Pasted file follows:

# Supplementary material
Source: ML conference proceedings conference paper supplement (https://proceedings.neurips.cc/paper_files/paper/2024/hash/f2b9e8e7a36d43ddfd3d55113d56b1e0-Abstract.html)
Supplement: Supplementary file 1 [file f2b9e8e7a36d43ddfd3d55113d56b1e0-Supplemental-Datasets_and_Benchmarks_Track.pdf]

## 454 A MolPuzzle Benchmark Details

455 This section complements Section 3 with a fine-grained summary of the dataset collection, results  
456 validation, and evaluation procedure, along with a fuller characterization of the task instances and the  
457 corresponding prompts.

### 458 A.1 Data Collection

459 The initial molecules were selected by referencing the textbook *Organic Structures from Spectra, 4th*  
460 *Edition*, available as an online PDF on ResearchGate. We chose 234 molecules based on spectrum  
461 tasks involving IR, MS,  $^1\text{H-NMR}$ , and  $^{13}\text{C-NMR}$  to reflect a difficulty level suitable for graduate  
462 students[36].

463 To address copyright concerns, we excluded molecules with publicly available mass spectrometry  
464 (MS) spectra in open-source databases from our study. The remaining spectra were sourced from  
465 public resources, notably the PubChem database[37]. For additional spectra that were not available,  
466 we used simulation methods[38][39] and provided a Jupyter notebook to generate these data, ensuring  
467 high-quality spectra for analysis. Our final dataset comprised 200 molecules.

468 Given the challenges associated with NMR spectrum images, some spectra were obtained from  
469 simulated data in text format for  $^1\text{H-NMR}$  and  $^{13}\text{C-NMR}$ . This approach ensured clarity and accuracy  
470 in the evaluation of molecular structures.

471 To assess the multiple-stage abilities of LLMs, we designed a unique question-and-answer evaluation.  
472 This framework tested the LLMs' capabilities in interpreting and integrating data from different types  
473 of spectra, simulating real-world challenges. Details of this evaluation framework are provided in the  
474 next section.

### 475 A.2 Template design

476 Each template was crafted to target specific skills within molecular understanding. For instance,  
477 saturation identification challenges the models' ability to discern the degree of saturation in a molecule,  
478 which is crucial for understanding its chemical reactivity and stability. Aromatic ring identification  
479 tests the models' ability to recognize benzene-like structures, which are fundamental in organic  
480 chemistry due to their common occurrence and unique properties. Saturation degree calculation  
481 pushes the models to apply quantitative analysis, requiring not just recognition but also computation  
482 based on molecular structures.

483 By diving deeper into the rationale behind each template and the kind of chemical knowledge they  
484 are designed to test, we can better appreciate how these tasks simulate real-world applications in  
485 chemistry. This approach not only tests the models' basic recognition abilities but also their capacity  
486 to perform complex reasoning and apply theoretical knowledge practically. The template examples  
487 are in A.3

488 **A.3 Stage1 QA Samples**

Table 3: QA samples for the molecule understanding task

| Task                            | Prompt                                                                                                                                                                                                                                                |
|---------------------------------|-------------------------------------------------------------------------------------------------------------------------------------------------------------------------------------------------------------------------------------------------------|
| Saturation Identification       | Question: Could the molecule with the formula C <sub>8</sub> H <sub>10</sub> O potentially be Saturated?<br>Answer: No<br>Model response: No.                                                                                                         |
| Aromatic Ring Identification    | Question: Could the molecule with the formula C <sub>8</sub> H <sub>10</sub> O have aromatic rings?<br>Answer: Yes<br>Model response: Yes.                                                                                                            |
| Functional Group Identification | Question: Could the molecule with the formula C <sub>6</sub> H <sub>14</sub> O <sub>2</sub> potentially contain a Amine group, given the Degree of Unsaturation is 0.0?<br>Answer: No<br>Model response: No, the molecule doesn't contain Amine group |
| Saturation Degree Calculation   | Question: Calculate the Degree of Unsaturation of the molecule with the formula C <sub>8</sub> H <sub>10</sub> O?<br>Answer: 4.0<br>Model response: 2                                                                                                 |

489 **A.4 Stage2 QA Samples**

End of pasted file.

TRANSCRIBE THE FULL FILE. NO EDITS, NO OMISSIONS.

# Supplementary material
Source: ML conference proceedings conference paper supplement (https://proceedings.neurips.cc/paper_files/paper/2024/hash/f2b9e8e7a36d43ddfd3d55113d56b1e0-Abstract.html)
Supplement: Supplementary file 1 [file f2b9e8e7a36d43ddfd3d55113d56b1e0-Supplemental-Datasets_and_Benchmarks_Track.pdf]

## 454 A MolPuzzle Benchmark Details

455 This section complements Section 3 with a fine-grained summary of the dataset collection, results  
456 validation, and evaluation procedure, along with a fuller characterization of the task instances and the  
457 corresponding prompts.

### 458 A.1 Data Collection

459 The initial molecules were selected by referencing the textbook *Organic Structures from Spectra, 4th*  
460 *Edition*, available as an online PDF on ResearchGate. We chose 234 molecules based on spectrum  
461 tasks involving IR, MS,  $^1\text{H-NMR}$ , and  $^{13}\text{C-NMR}$  to reflect a difficulty level suitable for graduate  
462 students[36].

463 To address copyright concerns, we excluded molecules with publicly available mass spectrometry  
464 (MS) spectra in open-source databases from our study. The remaining spectra were sourced from  
465 public resources, notably the PubChem database[37]. For additional spectra that were not available,  
466 we used simulation methods[38][39] and provided a Jupyter notebook to generate these data, ensuring  
467 high-quality spectra for analysis. Our final dataset comprised 200 molecules.

468 Given the challenges associated with NMR spectrum images, some spectra were obtained from  
469 simulated data in text format for  $^1\text{H-NMR}$  and  $^{13}\text{C-NMR}$ . This approach ensured clarity and accuracy  
470 in the evaluation of molecular structures.

471 To assess the multiple-stage abilities of LLMs, we designed a unique question-and-answer evaluation.  
472 This framework tested the LLMs' capabilities in interpreting and integrating data from different types  
473 of spectra, simulating real-world challenges. Details of this evaluation framework are provided in the  
474 next section.

### 475 A.2 Template design

476 Each template was crafted to target specific skills within molecular understanding. For instance,  
477 saturation identification challenges the models' ability to discern the degree of saturation in a molecule,  
478 which is crucial for understanding its chemical reactivity and stability. Aromatic ring identification  
479 tests the models' ability to recognize benzene-like structures, which are fundamental in organic  
480 chemistry due to their common occurrence and unique properties. Saturation degree calculation  
481 pushes the models to apply quantitative analysis, requiring not just recognition but also computation  
482 based on molecular structures.

483 By diving deeper into the rationale behind each template and the kind of chemical knowledge they  
484 are designed to test, we can better appreciate how these tasks simulate real-world applications in  
485 chemistry. This approach not only tests the models' basic recognition abilities but also their capacity  
486 to perform complex reasoning and apply theoretical knowledge practically. The template examples  
487 are in A.3

488 **A.3 Stage1 QA Samples**

Table 3: QA samples for the molecule understanding task

| Task                            | Prompt                                                                                                                                                                                                                                                |
|---------------------------------|-------------------------------------------------------------------------------------------------------------------------------------------------------------------------------------------------------------------------------------------------------|
| Saturation Identification       | Question: Could the molecule with the formula C <sub>8</sub> H <sub>10</sub> O potentially be Saturated?<br>Answer: No<br>Model response: No.                                                                                                         |
| Aromatic Ring Identification    | Question: Could the molecule with the formula C <sub>8</sub> H <sub>10</sub> O have aromatic rings?<br>Answer: Yes<br>Model response: Yes.                                                                                                            |
| Functional Group Identification | Question: Could the molecule with the formula C <sub>6</sub> H <sub>14</sub> O <sub>2</sub> potentially contain a Amine group, given the Degree of Unsaturation is 0.0?<br>Answer: No<br>Model response: No, the molecule doesn't contain Amine group |
| Saturation Degree Calculation   | Question: Calculate the Degree of Unsaturation of the molecule with the formula C <sub>8</sub> H <sub>10</sub> O?<br>Answer: 4.0<br>Model response: 2                                                                                                 |

489 **A.4 Stage2 QA Samples**